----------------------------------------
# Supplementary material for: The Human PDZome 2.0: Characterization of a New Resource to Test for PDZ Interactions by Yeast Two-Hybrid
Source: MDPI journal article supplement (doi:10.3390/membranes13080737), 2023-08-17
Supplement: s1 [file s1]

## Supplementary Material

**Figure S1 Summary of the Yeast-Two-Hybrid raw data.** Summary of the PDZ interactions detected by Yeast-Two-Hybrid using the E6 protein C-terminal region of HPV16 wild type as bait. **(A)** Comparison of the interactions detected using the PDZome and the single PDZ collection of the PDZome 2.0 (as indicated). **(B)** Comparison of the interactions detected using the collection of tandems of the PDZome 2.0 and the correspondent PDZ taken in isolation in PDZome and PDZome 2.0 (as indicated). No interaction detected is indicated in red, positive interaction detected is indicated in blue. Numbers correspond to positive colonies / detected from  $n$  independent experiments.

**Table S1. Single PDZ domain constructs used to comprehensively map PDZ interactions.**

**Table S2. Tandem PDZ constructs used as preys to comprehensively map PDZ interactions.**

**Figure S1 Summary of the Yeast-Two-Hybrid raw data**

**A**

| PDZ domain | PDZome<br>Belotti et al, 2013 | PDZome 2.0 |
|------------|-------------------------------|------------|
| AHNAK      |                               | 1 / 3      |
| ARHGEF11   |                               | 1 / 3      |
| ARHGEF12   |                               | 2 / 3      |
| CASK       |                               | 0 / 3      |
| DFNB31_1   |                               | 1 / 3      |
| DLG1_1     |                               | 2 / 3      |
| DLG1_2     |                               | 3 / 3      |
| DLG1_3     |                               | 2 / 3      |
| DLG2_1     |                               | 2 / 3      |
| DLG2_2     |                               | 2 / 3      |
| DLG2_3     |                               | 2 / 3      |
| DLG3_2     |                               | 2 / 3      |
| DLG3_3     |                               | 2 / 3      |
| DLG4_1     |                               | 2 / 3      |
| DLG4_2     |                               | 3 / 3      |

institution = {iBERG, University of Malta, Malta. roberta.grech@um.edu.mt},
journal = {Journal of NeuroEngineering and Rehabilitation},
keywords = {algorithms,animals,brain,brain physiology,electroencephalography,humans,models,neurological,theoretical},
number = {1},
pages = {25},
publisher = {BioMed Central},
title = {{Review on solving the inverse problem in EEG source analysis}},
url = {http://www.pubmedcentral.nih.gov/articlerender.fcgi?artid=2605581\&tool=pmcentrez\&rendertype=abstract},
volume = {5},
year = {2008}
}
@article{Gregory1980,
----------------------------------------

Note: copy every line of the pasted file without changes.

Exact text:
# Supplementary material for: The Human PDZome 2.0: Characterization of a New Resource to Test for PDZ Interactions by Yeast Two-Hybrid
Source: MDPI journal article supplement (doi:10.3390/membranes13080737), 2023-08-17
Supplement: s1 [file s1]

## Supplementary Material

**Figure S1 Summary of the Yeast-Two-Hybrid raw data.** Summary of the PDZ interactions detected by Yeast-Two-Hybrid using the E6 protein C-terminal region of HPV16 wild type as bait. **(A)** Comparison of the interactions detected using the PDZome and the single PDZ collection of the PDZome 2.0 (as indicated). **(B)** Comparison of the interactions detected using the collection of tandems of the PDZome 2.0 and the correspondent PDZ taken in isolation in PDZome and PDZome 2.0 (as indicated). No interaction detected is indicated in red, positive interaction detected is indicated in blue. Numbers correspond to positive colonies / detected from  $n$  independent experiments.

**Table S1. Single PDZ domain constructs used to comprehensively map PDZ interactions.**

**Table S2. Tandem PDZ constructs used as preys to comprehensively map PDZ interactions.**

**Figure S1 Summary of the Yeast-Two-Hybrid raw data**

**A**

| PDZ domain | PDZome<br>Belotti et al, 2013 | PDZome 2.0 |
|------------|-------------------------------|------------|
| AHNAK      |                               | 1 / 3      |
| ARHGEF11   |                               | 1 / 3      |
| ARHGEF12   |                               | 2 / 3      |
| CASK       |                               | 0 / 3      |
| DFNB31_1   |                               | 1 / 3      |
| DLG1_1     |                               | 2 / 3      |
| DLG1_2     |                               | 3 / 3      |
| DLG1_3     |                               | 2 / 3      |
| DLG2_1     |                               | 2 / 3      |
| DLG2_2     |                               | 2 / 3      |
| DLG2_3     |                               | 2 / 3      |
| DLG3_2     |                               | 2 / 3      |
| DLG3_3     |                               | 2 / 3      |
| DLG4_1     |                               | 2 / 3      |
| DLG4_2     |                               | 3 / 3      |

institution = {iBERG, University of Malta, Malta. roberta.grech@um.edu.mt},
journal = {Journal of NeuroEngineering and Rehabilitation},
keywords = {algorithms,animals,brain,brain physiology,electroencephalography,humans,models,neurological,theoretical},
number = {1},
pages = {25},
publisher = {BioMed Central},
title = {{Review on solving the inverse problem in EEG source analysis}},
url = {http://www.pubmedcentral.nih.gov/articlerender.fcgi?artid=2605581\&tool=pmcentrez\&rendertype=abstract},
volume = {5},
year = {2008}
}
@article{Gregory1980,